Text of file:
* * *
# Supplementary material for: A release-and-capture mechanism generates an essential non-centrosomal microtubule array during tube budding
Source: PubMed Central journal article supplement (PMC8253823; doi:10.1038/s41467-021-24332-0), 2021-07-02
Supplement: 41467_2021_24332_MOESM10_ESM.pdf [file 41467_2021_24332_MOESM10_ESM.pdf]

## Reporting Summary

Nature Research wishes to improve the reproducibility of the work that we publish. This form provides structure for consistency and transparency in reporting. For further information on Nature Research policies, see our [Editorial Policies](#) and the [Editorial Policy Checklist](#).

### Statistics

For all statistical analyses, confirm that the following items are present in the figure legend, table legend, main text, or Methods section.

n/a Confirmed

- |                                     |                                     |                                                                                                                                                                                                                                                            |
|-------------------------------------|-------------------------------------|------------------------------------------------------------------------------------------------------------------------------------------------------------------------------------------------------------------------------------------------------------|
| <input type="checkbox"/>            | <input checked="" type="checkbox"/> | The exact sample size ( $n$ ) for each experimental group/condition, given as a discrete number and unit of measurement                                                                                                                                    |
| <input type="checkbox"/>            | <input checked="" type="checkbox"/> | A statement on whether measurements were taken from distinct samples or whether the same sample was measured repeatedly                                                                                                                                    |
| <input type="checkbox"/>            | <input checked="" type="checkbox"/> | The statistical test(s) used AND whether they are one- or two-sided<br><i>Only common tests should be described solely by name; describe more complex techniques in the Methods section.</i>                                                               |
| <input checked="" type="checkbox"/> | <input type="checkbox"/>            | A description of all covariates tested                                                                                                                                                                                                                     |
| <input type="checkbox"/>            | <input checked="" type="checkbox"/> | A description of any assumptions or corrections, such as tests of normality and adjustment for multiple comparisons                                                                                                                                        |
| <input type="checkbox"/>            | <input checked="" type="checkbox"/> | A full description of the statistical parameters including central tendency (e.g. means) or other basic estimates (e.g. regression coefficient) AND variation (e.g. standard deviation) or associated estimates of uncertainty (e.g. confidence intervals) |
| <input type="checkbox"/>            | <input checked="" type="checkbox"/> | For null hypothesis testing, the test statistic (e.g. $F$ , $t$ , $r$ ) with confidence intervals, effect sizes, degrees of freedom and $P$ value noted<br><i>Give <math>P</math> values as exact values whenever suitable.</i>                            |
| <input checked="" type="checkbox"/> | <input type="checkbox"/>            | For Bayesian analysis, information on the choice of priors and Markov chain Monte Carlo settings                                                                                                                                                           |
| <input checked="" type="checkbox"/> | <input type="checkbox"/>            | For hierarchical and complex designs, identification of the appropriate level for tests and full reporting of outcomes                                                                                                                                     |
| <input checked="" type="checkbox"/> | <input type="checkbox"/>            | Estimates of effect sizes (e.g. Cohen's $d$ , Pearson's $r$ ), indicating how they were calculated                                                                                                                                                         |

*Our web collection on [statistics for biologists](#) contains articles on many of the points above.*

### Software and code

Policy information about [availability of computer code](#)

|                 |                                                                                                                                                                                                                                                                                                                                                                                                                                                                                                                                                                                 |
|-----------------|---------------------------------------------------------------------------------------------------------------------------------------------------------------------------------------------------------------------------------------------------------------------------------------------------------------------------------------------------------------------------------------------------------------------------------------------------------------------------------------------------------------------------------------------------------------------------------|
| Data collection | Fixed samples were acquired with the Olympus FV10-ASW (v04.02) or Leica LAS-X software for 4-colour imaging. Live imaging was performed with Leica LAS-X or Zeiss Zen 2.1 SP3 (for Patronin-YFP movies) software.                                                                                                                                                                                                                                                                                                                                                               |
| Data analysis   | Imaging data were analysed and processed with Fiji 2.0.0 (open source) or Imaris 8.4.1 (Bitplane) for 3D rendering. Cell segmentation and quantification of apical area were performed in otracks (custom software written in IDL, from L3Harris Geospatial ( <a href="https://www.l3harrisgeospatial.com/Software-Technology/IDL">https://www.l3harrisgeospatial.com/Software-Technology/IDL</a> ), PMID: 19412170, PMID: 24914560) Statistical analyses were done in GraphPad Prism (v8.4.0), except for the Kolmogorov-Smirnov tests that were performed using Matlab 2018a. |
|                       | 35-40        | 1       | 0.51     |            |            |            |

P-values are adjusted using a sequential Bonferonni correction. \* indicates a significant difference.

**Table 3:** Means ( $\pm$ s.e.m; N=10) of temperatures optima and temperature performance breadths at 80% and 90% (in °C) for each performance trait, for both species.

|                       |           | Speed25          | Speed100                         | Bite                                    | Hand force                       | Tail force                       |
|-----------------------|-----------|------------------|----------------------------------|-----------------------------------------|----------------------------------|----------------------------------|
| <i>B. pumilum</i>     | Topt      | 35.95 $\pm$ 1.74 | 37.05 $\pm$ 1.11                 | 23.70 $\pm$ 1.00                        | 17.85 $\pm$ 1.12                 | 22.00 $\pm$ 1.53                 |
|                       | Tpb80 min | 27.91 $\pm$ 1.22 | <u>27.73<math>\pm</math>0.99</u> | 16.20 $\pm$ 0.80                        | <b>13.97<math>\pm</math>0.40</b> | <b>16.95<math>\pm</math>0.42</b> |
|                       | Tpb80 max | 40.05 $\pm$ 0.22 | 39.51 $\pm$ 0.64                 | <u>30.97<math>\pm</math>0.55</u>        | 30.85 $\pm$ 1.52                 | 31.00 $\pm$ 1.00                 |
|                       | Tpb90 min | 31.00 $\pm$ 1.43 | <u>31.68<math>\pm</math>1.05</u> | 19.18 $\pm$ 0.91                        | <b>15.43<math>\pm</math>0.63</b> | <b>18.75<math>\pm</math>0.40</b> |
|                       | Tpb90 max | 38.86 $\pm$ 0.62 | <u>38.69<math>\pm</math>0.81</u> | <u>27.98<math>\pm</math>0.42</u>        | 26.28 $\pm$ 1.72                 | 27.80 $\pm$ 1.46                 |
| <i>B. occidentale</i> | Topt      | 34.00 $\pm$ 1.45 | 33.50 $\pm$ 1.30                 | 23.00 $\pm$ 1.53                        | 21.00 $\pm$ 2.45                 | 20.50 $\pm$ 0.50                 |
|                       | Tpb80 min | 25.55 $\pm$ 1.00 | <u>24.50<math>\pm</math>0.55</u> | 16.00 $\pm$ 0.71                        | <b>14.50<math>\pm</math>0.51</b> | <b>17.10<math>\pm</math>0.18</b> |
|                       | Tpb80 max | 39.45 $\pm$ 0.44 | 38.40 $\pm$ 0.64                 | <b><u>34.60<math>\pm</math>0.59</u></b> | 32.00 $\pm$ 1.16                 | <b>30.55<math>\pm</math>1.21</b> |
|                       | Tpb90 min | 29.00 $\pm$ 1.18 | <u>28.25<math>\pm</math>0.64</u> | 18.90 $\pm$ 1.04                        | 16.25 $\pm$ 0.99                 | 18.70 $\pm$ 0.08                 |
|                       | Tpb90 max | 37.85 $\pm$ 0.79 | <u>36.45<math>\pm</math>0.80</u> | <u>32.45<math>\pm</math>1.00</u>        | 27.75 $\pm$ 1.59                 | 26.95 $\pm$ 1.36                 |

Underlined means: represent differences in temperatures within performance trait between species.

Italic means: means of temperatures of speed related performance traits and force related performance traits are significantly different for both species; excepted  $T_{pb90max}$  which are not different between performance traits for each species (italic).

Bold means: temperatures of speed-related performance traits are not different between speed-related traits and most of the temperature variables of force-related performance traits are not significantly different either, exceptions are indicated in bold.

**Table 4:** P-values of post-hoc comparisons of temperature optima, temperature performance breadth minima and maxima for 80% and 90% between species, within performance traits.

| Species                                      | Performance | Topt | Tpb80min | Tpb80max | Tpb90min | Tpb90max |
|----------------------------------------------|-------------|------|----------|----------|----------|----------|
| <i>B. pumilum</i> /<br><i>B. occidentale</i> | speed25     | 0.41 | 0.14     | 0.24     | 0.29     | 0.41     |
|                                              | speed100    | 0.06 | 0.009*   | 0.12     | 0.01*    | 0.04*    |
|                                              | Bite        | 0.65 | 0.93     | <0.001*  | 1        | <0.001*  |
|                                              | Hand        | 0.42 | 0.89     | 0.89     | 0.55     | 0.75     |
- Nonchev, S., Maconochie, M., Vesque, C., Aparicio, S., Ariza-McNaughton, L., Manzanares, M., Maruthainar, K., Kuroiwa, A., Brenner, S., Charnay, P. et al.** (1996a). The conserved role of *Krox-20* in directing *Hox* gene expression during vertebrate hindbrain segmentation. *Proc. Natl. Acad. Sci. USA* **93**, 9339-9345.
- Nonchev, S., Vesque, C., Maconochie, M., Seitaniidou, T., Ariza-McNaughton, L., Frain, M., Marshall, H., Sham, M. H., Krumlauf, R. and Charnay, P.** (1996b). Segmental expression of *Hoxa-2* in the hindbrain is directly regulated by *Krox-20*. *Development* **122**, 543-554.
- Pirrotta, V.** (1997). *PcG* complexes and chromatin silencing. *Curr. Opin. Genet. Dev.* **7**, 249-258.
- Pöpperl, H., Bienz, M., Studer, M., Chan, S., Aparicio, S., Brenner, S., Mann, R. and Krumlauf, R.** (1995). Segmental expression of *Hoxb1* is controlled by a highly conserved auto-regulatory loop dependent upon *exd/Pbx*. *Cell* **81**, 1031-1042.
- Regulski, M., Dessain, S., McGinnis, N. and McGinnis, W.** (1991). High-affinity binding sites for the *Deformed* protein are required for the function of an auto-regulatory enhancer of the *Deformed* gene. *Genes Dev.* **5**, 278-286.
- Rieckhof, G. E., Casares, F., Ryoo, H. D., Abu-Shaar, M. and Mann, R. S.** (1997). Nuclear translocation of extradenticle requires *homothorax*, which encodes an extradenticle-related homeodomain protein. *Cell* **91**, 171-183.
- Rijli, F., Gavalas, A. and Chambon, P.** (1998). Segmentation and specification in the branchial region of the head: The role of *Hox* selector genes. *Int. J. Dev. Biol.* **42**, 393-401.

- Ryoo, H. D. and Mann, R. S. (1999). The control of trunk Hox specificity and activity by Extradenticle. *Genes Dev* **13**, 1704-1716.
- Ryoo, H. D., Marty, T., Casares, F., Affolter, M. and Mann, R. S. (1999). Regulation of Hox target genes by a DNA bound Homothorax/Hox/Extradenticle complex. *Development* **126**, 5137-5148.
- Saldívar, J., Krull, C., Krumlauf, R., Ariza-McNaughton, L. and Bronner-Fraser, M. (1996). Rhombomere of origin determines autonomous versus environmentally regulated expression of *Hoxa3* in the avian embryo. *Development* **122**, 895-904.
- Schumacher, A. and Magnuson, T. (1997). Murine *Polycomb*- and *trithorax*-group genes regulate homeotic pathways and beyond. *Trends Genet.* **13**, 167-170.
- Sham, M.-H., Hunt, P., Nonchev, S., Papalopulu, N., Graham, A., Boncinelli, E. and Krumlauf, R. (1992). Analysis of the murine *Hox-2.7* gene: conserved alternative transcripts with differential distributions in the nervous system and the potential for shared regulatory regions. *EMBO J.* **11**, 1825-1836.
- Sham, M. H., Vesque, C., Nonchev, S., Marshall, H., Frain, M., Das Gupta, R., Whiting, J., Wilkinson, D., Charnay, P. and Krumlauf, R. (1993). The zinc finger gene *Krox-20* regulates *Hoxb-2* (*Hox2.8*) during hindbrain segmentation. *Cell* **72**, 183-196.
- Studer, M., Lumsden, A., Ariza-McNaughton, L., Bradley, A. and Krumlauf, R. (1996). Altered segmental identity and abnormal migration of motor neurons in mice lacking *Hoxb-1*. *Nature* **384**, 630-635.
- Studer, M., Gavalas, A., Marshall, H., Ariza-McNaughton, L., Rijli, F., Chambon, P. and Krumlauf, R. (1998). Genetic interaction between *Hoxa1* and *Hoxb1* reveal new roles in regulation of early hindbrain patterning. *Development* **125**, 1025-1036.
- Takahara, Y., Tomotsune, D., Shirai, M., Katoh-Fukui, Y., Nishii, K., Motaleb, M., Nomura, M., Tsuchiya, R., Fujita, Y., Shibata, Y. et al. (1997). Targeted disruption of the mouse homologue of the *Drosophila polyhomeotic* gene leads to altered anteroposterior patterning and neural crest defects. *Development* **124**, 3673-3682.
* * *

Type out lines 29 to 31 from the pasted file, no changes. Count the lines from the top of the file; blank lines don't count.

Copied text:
P-values are adjusted using a sequential Bonferonni correction. \* indicates a significant difference.

**Table 3:** Means ( $\pm$ s.e.m; N=10) of temperatures optima and temperature performance breadths at 80% and 90% (in °C) for each performance trait, for both species.

|                       |           | Speed25          | Speed100                         | Bite                                    | Hand force                       | Tail force                       |